‘Notes on a Conditional Form’, the fourth album from The 1975 has gone through a chaotic gestation period. Initially being promised as a quick-firRead More
Celtic Connections is renowned for bringing genuine legends to Glasgow, and in Ronnie Spector & The Ronettes, they don’t get much more legendary. Leading the way since the mid-60s with a string of massive hits including ‘Be My Baby’, which was named by Billboard as the number one greatest girl group song of all time. On the 55th anniversary of The Ronettes’ debut UK tour, tonight’s show is one of the standouts on this year’s festival lineup.
As the sharply-dressed band enter onstage to the ode to her hometown ‘Spanish Harlem’, Spector soon follows and launches straight into ‘Baby, I Love You’. The show marries Spector telling stories from her vast career, video clips of the Ronettes in their heyday, and a setlist full of timeless classics. There is no stone left unturned as the New Yorker rattles through the hits including an excellent ‘Walking In The Rain’ and a thundering version of Ray Charles’ ‘What’d I Say’.
She may be 75, but Spector is still a tour-de-force who commands a stage by simply being on it. The most important thing though, is that her voice still holds up. It may sound a little world-weary from a lifetime of constant usage, and the higher notes may be just out of reach, but it remains unmistakeable. She hollers the doo-wop favourite ‘So Young’ with the same vigour as the original recording in 1964, and on the tender ‘How Can You Mend A Broken Heart’, sang as a tribute to her sister Estelle, Spector delivers a goosebump-inducing vocal performance.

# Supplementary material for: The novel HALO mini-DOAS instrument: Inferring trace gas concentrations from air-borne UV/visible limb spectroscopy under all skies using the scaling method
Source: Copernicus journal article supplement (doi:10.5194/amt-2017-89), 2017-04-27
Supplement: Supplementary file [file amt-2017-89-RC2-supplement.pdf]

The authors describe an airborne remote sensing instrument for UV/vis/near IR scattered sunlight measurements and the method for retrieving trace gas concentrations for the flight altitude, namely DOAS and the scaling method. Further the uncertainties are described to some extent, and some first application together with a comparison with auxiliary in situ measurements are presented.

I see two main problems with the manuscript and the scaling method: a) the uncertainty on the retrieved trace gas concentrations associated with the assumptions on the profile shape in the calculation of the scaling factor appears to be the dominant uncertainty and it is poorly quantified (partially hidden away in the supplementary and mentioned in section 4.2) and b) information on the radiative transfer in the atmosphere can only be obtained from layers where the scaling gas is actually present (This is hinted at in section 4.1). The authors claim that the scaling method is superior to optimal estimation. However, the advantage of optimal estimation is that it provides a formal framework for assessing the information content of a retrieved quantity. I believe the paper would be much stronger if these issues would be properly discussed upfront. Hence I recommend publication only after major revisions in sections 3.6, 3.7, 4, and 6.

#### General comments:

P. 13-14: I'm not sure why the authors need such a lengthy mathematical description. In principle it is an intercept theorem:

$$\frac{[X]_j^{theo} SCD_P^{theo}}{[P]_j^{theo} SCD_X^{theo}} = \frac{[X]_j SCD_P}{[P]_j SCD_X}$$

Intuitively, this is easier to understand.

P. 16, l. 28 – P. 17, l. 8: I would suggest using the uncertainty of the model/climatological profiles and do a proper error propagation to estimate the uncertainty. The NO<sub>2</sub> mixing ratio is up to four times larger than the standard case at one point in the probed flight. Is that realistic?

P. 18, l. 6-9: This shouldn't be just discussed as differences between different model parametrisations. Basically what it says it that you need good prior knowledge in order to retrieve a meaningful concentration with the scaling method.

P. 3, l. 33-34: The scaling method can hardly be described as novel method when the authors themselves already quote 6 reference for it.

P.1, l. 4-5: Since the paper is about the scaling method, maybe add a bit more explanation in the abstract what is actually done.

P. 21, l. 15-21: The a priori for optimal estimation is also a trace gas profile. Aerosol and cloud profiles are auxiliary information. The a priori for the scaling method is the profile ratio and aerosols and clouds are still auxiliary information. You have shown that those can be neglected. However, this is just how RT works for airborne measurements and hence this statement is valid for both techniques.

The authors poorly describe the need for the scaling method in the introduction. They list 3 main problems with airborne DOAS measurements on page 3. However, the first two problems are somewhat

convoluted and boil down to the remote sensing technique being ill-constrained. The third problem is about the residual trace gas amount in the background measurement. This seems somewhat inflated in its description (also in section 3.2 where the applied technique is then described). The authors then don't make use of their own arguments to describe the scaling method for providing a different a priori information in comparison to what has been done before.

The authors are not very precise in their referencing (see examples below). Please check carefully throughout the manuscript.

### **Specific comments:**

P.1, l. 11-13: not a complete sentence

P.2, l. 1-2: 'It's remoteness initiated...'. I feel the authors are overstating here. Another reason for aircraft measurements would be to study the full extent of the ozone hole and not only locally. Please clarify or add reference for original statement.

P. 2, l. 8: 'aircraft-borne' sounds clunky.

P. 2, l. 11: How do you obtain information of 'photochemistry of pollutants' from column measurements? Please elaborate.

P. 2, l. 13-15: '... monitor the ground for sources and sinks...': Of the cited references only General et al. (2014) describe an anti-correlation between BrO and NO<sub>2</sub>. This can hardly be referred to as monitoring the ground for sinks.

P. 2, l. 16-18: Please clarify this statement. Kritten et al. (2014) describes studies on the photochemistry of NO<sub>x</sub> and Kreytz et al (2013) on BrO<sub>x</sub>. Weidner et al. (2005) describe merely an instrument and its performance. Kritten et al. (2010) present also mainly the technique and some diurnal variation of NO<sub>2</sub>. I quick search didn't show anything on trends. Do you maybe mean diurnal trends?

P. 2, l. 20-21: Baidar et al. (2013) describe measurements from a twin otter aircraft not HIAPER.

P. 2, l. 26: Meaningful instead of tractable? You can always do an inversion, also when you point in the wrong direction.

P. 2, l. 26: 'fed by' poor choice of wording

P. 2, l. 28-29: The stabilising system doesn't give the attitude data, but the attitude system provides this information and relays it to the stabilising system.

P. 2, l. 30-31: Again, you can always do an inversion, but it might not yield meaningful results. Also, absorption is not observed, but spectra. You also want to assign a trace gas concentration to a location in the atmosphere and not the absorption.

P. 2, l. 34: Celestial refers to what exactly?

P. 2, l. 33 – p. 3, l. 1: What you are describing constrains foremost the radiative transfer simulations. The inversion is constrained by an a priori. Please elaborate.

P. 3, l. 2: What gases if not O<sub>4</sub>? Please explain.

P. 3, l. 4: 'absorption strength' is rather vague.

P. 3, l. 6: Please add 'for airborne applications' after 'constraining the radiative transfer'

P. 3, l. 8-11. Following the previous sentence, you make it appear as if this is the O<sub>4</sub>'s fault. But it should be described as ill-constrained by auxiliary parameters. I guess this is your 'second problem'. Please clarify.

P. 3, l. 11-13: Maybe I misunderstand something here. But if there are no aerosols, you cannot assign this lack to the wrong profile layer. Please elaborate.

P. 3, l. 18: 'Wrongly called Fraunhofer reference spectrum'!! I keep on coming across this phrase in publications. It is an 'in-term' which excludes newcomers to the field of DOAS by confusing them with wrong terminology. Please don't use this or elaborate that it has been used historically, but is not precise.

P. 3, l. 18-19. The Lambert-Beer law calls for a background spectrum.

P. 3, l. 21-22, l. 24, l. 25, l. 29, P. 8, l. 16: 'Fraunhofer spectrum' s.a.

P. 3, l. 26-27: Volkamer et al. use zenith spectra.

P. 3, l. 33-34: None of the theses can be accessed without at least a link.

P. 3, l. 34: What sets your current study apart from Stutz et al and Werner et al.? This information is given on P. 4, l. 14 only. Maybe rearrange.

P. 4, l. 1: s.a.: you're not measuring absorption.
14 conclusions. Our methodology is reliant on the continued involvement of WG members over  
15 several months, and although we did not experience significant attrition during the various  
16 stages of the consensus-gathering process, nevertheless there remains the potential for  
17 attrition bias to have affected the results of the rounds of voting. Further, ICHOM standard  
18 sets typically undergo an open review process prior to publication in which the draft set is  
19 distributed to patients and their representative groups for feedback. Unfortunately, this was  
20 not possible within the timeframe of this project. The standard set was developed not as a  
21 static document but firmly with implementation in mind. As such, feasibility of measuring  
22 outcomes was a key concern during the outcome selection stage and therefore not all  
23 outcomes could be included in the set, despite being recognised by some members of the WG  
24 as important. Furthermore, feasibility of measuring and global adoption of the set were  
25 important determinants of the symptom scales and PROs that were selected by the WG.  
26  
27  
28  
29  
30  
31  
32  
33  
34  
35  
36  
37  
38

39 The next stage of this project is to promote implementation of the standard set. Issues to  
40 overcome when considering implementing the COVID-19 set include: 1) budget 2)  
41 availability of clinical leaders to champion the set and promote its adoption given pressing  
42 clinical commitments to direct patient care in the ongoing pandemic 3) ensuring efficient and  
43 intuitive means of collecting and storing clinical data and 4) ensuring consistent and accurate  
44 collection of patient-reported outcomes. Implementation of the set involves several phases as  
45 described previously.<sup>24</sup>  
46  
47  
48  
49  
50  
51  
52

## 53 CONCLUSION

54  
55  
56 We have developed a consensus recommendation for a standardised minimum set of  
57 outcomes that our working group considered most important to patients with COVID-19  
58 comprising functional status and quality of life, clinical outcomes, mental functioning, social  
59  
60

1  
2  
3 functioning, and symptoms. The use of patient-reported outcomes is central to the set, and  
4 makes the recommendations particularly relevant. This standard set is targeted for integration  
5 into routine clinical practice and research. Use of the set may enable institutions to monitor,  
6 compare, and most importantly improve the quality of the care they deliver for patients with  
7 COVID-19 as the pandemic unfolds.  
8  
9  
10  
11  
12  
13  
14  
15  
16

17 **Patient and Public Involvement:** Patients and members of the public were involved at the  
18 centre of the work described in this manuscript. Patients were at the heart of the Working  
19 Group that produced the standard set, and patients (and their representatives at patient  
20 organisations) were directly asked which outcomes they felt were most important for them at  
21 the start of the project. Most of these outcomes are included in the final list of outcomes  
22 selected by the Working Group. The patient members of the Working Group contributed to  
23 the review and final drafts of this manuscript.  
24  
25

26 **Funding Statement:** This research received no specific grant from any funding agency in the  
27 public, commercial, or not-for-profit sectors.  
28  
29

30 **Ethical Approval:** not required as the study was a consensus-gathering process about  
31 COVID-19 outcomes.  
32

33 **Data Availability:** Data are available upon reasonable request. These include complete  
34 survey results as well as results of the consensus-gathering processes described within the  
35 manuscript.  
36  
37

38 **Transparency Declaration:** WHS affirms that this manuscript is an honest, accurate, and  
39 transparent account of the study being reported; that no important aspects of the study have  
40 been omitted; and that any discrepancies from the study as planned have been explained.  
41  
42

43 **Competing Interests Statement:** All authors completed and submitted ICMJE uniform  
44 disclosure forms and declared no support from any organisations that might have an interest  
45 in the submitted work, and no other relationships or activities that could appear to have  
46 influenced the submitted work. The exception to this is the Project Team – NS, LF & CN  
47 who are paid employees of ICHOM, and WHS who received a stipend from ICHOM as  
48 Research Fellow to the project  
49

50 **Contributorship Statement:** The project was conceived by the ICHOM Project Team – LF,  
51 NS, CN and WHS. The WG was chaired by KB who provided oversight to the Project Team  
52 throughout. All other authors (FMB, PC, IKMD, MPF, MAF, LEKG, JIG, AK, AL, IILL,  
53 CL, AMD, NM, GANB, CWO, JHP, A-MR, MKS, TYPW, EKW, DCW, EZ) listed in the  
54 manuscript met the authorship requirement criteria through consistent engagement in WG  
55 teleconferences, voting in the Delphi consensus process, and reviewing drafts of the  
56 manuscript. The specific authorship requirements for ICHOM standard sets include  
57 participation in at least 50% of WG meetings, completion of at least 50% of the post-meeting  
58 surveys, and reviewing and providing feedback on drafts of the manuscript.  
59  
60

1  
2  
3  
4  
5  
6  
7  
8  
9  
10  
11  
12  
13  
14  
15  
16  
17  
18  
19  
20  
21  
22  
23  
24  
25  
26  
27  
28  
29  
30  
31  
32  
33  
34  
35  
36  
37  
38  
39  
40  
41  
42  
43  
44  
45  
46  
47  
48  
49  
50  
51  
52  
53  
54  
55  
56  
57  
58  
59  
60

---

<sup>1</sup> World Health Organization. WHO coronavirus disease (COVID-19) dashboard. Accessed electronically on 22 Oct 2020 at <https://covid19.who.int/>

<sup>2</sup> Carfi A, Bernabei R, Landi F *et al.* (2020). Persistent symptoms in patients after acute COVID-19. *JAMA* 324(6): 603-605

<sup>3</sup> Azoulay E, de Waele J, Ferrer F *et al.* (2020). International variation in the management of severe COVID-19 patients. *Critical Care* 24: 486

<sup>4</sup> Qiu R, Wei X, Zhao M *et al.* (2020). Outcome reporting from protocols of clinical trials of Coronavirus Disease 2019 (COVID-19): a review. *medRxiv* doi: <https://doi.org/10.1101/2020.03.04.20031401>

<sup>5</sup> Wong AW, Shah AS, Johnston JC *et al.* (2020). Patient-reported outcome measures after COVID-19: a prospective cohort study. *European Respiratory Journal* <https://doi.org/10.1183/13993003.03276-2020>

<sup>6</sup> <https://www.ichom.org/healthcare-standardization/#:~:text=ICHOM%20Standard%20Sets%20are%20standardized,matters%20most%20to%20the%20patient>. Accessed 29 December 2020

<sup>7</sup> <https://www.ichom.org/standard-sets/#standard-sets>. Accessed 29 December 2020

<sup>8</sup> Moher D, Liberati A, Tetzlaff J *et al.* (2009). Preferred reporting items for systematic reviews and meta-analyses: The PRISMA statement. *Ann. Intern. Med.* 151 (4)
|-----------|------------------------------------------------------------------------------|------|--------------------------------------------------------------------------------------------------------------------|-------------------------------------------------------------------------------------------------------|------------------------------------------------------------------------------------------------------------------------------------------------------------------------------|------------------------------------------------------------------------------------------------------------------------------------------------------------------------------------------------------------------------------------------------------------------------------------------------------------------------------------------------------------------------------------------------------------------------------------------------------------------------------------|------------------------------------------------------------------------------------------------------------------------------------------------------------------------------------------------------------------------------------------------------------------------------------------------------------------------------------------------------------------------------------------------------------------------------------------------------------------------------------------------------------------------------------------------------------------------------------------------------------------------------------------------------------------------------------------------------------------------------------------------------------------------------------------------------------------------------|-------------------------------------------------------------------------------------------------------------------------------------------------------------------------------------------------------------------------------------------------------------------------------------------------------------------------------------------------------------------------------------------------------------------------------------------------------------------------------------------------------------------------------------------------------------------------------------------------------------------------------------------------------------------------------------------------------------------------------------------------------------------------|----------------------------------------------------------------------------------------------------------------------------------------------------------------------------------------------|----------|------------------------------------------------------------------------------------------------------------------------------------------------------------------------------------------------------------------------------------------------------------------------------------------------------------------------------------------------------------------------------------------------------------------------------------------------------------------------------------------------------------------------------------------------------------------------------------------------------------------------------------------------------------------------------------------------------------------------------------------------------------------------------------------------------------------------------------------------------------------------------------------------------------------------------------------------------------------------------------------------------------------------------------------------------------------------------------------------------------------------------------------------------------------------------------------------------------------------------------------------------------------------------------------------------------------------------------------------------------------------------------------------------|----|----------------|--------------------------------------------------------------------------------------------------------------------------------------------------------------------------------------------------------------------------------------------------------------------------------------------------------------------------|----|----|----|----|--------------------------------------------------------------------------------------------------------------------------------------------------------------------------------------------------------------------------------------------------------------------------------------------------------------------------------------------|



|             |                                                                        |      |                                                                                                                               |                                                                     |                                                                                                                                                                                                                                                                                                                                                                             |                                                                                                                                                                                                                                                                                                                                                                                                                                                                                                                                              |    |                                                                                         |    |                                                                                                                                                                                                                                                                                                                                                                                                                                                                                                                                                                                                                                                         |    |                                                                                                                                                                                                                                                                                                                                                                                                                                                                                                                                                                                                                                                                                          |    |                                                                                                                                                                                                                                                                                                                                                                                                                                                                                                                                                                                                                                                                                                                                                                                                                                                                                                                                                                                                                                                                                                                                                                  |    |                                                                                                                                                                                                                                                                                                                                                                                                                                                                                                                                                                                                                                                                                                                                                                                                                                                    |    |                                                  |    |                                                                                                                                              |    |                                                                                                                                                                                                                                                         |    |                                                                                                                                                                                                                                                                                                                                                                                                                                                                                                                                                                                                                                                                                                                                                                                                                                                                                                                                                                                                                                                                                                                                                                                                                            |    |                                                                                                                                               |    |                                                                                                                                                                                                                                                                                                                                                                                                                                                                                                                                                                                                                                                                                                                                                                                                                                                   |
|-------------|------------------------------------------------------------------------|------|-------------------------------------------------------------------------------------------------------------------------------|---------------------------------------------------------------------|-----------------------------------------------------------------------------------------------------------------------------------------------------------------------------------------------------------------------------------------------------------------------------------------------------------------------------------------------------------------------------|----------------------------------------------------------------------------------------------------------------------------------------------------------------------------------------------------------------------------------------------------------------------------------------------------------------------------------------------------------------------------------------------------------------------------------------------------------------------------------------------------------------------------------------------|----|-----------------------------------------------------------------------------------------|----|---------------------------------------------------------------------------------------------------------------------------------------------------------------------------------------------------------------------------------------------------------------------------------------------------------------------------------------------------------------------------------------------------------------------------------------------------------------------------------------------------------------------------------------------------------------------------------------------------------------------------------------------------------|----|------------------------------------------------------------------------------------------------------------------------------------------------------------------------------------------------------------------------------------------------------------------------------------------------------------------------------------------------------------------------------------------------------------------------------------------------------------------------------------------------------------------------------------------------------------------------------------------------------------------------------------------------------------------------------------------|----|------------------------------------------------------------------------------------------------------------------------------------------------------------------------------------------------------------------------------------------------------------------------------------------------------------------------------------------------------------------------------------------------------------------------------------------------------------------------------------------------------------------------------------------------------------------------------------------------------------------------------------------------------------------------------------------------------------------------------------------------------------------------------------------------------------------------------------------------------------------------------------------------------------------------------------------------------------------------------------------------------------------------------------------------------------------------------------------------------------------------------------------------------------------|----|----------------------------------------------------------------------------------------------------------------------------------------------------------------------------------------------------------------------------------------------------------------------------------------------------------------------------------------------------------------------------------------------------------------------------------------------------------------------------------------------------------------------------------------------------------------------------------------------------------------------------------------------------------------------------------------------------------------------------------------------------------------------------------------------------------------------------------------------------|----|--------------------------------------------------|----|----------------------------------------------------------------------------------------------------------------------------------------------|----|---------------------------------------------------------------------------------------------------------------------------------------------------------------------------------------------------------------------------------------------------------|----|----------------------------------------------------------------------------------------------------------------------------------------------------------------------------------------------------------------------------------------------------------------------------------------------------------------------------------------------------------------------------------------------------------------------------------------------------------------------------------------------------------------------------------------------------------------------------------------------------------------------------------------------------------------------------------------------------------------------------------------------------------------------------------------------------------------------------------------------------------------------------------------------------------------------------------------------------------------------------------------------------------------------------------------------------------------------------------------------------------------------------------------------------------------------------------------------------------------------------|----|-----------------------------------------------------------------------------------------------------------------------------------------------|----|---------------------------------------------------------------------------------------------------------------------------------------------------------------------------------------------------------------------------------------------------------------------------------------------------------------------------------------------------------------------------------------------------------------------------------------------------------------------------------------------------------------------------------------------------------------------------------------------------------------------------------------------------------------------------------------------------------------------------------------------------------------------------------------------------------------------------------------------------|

Ending the main set with ‘Be My Baby’ (what else?), the crowd are finally up dancing in the aisles and the superstar shakes hands with everyone who wants a piece of her and slinks backstage for a brief breather. Returning to perform a cover of the late Amy Winehouse’s ‘Back To Black’, she precedes this with a touching tribute - “thank you Amy, for reminding me that what I did mattered” before ending the set, fittingly, with a joyous rendition of last song ever recorded by The Ronettes, ‘I Can Hear Music’.
Ronnie Spector has previously been labelled “The Bad Girl of Rock & Roll” and this evening’s performance shows that she has still lost none of the attitude which gave her the reputation of such a powerhouse performer.
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